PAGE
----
Humans take an awfully long time to grow up! Even at a “normal” pace we don’t actually reach neurological maturity until our early twenties, meaning that we do not even possess the brain necessary for adult thinking, feeling, or relating until most of us are already well into adult life. The current generation of emergent adults seems to be taking this developmental stroll through childhood at a particularly leisurely pace, with many young adults staying at home or returning home well past the traditional 18th birthday. While this generation’s transition to adulthood is further delayed by economic and cultural shifts, a long childhood is, for humans, a developmental necessity. It just takes a long time to grow and grow into such magnificent brains.
Some researchers believe that our long sojourn in childhood has great long-term benefits and should not be rushed. Children’s developmental tendency to overestimate their own abilities, for instance, may help them develop the habit of perseverance, a critical coping skill for overcoming adult challenges. Children’s natural playfulness may be the foundation of effective adult social skills. Their restricted ability to process information may help them more effectively focus on and master language, and so on. It’s not until our 20s that we fully develop the neurological machinery for higher order thinking, i.e. the frontal lobe.
But in the U.S. a young person’s 18th birthday marks their sudden acquisition of adult rights and, often, an immediate push out of the nest to engage college and/or work with geographic and social independence. This means that in most cases we’re literally sending a child out to do a man or woman’s work. Because our culture lacks an established system of progressive, manageable, and instructive rites of passage to prepare young people for adulthood, this 18th year launch is not only developmentally premature, it’s often traumatically abrupt as well.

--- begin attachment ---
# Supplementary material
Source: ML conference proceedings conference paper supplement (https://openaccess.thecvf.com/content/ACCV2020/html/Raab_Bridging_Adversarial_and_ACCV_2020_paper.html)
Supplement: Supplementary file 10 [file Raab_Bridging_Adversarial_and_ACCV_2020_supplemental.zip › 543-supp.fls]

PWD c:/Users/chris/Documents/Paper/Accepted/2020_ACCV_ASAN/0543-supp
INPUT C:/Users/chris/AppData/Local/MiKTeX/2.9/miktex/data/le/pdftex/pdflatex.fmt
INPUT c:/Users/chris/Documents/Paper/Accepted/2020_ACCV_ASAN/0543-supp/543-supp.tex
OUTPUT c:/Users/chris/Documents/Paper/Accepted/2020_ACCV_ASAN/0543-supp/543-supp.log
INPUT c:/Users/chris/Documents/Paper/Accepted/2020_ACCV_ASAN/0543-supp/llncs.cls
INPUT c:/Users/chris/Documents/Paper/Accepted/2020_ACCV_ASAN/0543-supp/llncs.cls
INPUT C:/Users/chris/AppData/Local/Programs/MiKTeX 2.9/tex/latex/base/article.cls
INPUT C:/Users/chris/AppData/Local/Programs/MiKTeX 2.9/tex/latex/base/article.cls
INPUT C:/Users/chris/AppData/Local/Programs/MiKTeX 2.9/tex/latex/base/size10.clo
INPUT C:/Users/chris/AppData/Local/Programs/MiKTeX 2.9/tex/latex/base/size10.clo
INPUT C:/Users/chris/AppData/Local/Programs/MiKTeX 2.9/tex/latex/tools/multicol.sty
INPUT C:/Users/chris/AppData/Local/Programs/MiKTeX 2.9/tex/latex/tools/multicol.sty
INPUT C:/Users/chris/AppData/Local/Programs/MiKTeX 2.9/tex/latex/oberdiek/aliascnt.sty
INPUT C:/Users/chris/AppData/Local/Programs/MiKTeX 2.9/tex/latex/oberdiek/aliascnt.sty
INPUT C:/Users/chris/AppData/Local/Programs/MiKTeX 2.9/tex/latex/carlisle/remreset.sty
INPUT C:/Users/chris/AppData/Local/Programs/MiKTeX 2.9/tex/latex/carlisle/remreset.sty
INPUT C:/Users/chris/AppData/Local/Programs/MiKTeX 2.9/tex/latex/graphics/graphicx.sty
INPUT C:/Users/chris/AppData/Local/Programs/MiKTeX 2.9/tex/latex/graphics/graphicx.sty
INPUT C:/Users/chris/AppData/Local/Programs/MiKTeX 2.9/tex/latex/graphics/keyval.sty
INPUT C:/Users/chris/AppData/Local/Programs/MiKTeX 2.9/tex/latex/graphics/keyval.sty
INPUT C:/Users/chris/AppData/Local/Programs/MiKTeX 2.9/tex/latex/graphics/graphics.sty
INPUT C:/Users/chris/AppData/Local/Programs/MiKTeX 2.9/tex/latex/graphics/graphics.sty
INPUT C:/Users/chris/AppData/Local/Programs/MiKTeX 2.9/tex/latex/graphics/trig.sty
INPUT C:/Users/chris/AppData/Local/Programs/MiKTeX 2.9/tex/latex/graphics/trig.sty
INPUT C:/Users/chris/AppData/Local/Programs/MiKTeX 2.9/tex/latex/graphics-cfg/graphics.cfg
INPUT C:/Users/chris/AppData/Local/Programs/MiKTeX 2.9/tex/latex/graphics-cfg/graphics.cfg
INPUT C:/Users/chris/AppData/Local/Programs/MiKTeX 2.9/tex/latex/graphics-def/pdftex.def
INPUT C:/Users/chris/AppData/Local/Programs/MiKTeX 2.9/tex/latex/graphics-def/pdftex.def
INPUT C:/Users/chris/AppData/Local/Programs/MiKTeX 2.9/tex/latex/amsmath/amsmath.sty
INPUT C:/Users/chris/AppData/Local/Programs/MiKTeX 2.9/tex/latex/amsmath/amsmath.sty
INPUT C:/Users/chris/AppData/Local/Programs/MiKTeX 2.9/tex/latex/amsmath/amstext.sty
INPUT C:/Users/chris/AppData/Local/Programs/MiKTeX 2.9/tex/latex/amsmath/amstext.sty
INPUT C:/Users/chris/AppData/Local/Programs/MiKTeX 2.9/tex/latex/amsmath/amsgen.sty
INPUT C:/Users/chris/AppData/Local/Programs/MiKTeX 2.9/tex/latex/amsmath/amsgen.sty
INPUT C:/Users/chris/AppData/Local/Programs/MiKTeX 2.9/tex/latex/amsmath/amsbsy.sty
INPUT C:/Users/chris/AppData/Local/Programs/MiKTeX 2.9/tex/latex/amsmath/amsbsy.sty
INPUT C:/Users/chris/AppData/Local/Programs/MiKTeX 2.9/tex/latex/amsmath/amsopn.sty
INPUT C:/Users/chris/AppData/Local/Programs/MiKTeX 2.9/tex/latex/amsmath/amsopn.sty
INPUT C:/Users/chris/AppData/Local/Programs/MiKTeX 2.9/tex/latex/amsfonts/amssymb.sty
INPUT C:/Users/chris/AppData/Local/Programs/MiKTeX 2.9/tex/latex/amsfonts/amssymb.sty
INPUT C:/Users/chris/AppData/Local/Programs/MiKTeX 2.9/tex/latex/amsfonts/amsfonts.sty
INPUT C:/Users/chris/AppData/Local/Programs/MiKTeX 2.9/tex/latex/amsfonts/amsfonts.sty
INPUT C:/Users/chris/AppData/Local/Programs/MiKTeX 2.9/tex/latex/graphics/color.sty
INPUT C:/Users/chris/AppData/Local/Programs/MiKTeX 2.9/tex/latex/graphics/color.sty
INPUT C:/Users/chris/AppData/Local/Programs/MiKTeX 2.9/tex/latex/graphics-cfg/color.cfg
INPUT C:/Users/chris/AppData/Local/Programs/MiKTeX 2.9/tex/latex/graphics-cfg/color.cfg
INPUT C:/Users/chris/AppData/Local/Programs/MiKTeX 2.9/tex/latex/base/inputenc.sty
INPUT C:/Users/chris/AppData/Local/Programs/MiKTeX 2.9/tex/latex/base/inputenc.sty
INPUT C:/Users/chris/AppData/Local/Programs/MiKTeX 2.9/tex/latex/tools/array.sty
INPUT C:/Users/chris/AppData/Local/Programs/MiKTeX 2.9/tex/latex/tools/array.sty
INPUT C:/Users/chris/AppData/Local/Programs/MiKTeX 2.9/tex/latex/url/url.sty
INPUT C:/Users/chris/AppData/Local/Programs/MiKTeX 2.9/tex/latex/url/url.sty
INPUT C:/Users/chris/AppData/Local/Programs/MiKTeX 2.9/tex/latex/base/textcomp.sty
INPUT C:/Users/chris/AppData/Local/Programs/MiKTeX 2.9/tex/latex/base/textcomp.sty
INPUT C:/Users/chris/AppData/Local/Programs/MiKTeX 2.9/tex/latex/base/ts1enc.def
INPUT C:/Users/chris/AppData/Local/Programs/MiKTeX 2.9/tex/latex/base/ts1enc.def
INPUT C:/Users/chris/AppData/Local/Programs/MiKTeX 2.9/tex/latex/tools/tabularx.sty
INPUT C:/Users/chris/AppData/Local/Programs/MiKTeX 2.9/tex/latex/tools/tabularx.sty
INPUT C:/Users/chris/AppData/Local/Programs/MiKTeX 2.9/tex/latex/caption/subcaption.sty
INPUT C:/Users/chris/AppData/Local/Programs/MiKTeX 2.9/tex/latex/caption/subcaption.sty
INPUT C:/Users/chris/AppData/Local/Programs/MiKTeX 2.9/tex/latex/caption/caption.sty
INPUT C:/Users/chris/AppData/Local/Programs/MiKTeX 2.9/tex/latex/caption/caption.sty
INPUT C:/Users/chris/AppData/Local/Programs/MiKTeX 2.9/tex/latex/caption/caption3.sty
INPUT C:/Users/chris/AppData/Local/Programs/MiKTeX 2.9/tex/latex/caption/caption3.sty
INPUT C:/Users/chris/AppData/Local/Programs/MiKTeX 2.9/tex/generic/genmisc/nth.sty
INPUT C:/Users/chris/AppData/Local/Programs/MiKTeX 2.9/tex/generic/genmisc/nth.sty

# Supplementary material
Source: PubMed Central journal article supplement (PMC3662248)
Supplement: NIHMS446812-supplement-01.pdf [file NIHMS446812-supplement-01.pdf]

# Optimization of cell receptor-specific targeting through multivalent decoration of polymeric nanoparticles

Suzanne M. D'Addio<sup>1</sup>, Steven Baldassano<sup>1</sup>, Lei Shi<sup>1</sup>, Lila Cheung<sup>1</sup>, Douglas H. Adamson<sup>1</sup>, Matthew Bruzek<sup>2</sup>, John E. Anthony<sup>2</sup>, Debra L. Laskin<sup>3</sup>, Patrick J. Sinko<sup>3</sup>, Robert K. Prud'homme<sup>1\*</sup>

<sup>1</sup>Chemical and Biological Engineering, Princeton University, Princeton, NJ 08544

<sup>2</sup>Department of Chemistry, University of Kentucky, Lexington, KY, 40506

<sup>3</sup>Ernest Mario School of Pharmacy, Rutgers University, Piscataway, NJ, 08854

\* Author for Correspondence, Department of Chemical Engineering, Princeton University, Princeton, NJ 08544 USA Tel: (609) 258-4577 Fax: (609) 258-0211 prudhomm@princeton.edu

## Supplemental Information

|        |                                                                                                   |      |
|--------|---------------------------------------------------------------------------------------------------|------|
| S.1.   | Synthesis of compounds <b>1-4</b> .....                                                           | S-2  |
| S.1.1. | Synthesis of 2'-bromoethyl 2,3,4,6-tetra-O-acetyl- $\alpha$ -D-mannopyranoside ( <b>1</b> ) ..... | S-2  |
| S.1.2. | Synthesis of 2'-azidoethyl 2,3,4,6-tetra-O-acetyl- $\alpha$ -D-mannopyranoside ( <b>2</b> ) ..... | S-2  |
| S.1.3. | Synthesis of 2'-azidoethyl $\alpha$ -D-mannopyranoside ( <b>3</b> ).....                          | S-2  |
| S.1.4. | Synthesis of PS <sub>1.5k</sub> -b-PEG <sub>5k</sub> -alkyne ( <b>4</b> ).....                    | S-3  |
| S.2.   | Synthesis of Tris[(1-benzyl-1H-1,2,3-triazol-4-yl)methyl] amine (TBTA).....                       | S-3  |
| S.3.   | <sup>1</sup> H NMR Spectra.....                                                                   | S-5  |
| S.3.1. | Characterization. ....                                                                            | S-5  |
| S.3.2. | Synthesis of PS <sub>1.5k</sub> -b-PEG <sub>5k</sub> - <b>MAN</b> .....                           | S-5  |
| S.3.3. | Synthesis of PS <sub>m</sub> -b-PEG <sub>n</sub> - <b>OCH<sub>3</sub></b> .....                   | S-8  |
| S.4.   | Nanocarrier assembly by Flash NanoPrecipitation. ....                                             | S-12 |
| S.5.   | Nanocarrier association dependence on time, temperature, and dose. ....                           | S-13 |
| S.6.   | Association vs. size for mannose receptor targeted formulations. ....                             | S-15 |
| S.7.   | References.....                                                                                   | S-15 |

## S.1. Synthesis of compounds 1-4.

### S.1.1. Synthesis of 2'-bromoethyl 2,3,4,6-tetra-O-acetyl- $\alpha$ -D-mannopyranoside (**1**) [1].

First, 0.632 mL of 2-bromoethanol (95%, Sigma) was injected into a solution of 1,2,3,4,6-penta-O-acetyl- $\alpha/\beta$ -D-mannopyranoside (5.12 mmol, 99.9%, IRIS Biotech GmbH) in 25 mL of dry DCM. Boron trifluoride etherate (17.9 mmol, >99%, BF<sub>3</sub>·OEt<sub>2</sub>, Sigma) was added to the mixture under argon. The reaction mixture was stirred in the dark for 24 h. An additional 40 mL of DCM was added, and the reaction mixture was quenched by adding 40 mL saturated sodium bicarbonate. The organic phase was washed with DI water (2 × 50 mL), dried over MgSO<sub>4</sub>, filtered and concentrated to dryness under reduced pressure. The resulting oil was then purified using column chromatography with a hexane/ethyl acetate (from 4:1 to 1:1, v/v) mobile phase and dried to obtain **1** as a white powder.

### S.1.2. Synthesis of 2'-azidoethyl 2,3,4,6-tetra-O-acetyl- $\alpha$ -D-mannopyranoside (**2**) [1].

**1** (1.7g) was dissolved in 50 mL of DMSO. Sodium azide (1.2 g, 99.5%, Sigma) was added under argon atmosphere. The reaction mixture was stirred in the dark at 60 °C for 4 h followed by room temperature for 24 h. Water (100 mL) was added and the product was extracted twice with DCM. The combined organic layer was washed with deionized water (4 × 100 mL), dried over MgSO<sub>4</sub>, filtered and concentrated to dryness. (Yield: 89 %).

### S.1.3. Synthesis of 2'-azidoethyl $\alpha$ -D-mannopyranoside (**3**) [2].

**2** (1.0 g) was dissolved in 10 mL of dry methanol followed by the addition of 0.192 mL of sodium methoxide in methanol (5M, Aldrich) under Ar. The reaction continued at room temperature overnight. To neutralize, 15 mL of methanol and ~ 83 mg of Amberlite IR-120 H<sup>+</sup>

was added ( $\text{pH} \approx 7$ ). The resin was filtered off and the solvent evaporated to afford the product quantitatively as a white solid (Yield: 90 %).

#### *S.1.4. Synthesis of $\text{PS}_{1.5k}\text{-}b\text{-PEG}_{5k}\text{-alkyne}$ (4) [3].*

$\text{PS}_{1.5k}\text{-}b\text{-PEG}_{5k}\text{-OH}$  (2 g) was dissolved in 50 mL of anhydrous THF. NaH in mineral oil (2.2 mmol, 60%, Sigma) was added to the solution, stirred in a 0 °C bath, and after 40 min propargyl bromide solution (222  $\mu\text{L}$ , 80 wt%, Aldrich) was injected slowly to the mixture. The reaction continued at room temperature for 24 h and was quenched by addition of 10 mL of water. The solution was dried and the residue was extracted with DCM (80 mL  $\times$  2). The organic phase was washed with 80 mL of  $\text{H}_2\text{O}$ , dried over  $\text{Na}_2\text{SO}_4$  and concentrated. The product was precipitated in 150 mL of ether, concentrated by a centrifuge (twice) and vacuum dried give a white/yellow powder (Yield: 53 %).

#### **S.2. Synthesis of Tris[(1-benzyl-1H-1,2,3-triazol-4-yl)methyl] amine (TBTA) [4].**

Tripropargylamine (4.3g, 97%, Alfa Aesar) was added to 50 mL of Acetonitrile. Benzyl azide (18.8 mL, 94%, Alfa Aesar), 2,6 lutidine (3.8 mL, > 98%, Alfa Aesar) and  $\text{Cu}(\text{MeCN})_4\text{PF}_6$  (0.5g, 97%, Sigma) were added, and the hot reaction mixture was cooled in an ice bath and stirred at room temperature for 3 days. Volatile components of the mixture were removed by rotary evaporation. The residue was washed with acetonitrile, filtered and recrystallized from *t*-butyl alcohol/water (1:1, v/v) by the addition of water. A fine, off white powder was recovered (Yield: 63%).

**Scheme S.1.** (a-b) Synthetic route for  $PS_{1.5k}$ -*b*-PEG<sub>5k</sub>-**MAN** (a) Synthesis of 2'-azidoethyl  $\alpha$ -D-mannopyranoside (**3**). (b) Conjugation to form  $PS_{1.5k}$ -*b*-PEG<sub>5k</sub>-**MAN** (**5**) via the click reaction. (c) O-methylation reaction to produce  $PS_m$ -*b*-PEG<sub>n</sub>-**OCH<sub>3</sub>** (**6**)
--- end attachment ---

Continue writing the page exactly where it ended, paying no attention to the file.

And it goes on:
But the same researchers who point out the value of an unhurried passage through childhood also caution against coddling our emerging adults Coddling does not prepare our young people for adulthood any better (and maybe far worse) than the traditional insta-launch. Parental over-involvement along with other social phenomena may, in fact, be the cause of our current trend toward boomerang kids and failures to launch.
Somewhere between the traditional 18th year launch and the modern coddled crawl toward adulthood is a better way, namely a progressive and well-supported transition into adulthood. If your young person is soon leaving or has already left home, the following resources can provide critical support early in their transition into independence. This kind of support, available in most communities, especially college communities, can make the difference between a successful launch and a failure to launch.
Mentoring Services
There are many mentoring and transition services available that match an adult mentor with a young adult for in-person and/or telephonic support. Ideally, this support should be a combination of scheduled, regular sessions and as-needed emergency support. Many mentoring and transition services require or strongly advice that parents be involved in their own parallel process with a parent coach. These whole-family services not only help your child feel supported during their transition to independence, they can also help you more effectively support your child with the appropriate balance of support and freedom.
Specialty Dorms or Apartments